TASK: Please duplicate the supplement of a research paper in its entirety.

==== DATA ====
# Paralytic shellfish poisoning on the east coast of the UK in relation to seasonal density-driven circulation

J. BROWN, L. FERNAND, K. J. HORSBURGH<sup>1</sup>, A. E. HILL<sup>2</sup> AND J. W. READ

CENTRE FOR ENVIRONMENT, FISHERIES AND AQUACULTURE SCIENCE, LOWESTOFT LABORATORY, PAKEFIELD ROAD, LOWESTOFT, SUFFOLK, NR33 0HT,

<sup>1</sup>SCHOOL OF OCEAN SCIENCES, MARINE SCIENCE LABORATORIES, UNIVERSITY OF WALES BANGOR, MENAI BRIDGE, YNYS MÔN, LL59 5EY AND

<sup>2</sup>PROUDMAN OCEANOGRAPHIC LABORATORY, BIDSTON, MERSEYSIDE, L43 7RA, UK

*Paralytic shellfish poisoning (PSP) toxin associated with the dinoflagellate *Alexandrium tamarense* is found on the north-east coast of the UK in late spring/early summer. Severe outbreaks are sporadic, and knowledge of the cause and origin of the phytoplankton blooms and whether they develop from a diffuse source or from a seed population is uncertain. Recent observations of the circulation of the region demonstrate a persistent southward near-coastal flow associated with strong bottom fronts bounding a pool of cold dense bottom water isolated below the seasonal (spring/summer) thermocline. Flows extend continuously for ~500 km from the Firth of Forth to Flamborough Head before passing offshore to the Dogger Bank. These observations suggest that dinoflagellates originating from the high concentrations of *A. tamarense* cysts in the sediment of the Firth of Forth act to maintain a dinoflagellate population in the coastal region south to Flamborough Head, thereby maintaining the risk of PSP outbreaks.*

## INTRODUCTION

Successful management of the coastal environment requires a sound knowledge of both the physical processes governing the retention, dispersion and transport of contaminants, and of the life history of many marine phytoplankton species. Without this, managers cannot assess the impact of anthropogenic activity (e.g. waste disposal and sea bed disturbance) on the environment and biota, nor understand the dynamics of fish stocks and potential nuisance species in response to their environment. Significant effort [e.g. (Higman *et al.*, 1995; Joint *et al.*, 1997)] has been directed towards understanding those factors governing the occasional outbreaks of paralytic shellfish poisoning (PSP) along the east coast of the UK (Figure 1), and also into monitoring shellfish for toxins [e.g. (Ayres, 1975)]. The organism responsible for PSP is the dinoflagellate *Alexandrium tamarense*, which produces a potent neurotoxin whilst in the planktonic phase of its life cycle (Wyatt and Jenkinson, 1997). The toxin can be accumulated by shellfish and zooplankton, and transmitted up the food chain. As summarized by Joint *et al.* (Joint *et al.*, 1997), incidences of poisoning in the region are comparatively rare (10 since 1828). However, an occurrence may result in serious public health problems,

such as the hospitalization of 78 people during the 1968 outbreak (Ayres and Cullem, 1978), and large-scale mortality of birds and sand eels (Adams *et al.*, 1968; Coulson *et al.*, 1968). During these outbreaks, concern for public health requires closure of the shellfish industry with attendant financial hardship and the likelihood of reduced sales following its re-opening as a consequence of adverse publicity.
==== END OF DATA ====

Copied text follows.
# Paralytic shellfish poisoning on the east coast of the UK in relation to seasonal density-driven circulation

J. BROWN, L. FERNAND, K. J. HORSBURGH<sup>1</sup>, A. E. HILL<sup>2</sup> AND J. W. READ

CENTRE FOR ENVIRONMENT, FISHERIES AND AQUACULTURE SCIENCE, LOWESTOFT LABORATORY, PAKEFIELD ROAD, LOWESTOFT, SUFFOLK, NR33 0HT,

<sup>1</sup>SCHOOL OF OCEAN SCIENCES, MARINE SCIENCE LABORATORIES, UNIVERSITY OF WALES BANGOR, MENAI BRIDGE, YNYS MÔN, LL59 5EY AND

<sup>2</sup>PROUDMAN OCEANOGRAPHIC LABORATORY, BIDSTON, MERSEYSIDE, L43 7RA, UK

*Paralytic shellfish poisoning (PSP) toxin associated with the dinoflagellate *Alexandrium tamarense* is found on the north-east coast of the UK in late spring/early summer. Severe outbreaks are sporadic, and knowledge of the cause and origin of the phytoplankton blooms and whether they develop from a diffuse source or from a seed population is uncertain. Recent observations of the circulation of the region demonstrate a persistent southward near-coastal flow associated with strong bottom fronts bounding a pool of cold dense bottom water isolated below the seasonal (spring/summer) thermocline. Flows extend continuously for ~500 km from the Firth of Forth to Flamborough Head before passing offshore to the Dogger Bank. These observations suggest that dinoflagellates originating from the high concentrations of *A. tamarense* cysts in the sediment of the Firth of Forth act to maintain a dinoflagellate population in the coastal region south to Flamborough Head, thereby maintaining the risk of PSP outbreaks.*

## INTRODUCTION

Successful management of the coastal environment requires a sound knowledge of both the physical processes governing the retention, dispersion and transport of contaminants, and of the life history of many marine phytoplankton species. Without this, managers cannot assess the impact of anthropogenic activity (e.g. waste disposal and sea bed disturbance) on the environment and biota, nor understand the dynamics of fish stocks and potential nuisance species in response to their environment. Significant effort [e.g. (Higman *et al.*, 1995; Joint *et al.*, 1997)] has been directed towards understanding those factors governing the occasional outbreaks of paralytic shellfish poisoning (PSP) along the east coast of the UK (Figure 1), and also into monitoring shellfish for toxins [e.g. (Ayres, 1975)]. The organism responsible for PSP is the dinoflagellate *Alexandrium tamarense*, which produces a potent neurotoxin whilst in the planktonic phase of its life cycle (Wyatt and Jenkinson, 1997). The toxin can be accumulated by shellfish and zooplankton, and transmitted up the food chain. As summarized by Joint *et al.* (Joint *et al.*, 1997), incidences of poisoning in the region are comparatively rare (10 since 1828). However, an occurrence may result in serious public health problems,

such as the hospitalization of 78 people during the 1968 outbreak (Ayres and Cullem, 1978), and large-scale mortality of birds and sand eels (Adams *et al.*, 1968; Coulson *et al.*, 1968). During these outbreaks, concern for public health requires closure of the shellfish industry with attendant financial hardship and the likelihood of reduced sales following its re-opening as a consequence of adverse publicity.